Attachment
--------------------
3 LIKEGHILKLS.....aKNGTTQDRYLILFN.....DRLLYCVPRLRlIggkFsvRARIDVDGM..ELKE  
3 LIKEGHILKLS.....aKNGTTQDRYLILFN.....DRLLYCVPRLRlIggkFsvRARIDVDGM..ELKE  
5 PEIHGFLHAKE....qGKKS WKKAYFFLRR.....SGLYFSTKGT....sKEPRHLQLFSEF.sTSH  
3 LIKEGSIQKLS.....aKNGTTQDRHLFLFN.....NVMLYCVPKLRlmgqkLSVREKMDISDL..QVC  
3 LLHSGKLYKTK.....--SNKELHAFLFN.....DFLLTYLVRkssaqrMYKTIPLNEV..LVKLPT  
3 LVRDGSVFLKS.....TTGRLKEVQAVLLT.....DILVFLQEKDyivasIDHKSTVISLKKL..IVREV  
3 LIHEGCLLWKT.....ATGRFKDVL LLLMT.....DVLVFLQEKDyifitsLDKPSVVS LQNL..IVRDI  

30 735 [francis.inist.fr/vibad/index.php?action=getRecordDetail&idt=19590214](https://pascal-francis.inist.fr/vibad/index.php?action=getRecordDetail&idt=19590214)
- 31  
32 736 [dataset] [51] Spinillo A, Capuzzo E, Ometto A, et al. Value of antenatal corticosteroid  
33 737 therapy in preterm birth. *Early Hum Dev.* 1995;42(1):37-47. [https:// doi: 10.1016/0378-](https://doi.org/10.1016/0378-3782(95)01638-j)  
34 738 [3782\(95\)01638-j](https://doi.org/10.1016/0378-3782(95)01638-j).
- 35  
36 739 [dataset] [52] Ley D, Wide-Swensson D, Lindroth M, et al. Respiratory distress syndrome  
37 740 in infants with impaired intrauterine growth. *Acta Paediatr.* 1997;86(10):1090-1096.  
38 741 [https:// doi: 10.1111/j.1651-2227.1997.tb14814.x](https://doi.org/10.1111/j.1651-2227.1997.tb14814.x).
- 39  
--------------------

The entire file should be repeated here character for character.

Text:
3 LIKEGHILKLS.....aKNGTTQDRYLILFN.....DRLLYCVPRLRlIggkFsvRARIDVDGM..ELKE  
3 LIKEGHILKLS.....aKNGTTQDRYLILFN.....DRLLYCVPRLRlIggkFsvRARIDVDGM..ELKE  
5 PEIHGFLHAKE....qGKKS WKKAYFFLRR.....SGLYFSTKGT....sKEPRHLQLFSEF.sTSH  
3 LIKEGSIQKLS.....aKNGTTQDRHLFLFN.....NVMLYCVPKLRlmgqkLSVREKMDISDL..QVC  
3 LLHSGKLYKTK.....--SNKELHAFLFN.....DFLLTYLVRkssaqrMYKTIPLNEV..LVKLPT  
3 LVRDGSVFLKS.....TTGRLKEVQAVLLT.....DILVFLQEKDyivasIDHKSTVISLKKL..IVREV  
3 LIHEGCLLWKT.....ATGRFKDVL LLLMT.....DVLVFLQEKDyifitsLDKPSVVS LQNL..IVRDI  

30 735 [francis.inist.fr/vibad/index.php?action=getRecordDetail&idt=19590214](https://pascal-francis.inist.fr/vibad/index.php?action=getRecordDetail&idt=19590214)
- 31  
32 736 [dataset] [51] Spinillo A, Capuzzo E, Ometto A, et al. Value of antenatal corticosteroid  
33 737 therapy in preterm birth. *Early Hum Dev.* 1995;42(1):37-47. [https:// doi: 10.1016/0378-](https://doi.org/10.1016/0378-3782(95)01638-j)  
34 738 [3782\(95\)01638-j](https://doi.org/10.1016/0378-3782(95)01638-j).
- 35  
36 739 [dataset] [52] Ley D, Wide-Swensson D, Lindroth M, et al. Respiratory distress syndrome  
37 740 in infants with impaired intrauterine growth. *Acta Paediatr.* 1997;86(10):1090-1096.  
38 741 [https:// doi: 10.1111/j.1651-2227.1997.tb14814.x](https://doi.org/10.1111/j.1651-2227.1997.tb14814.x).
- 39  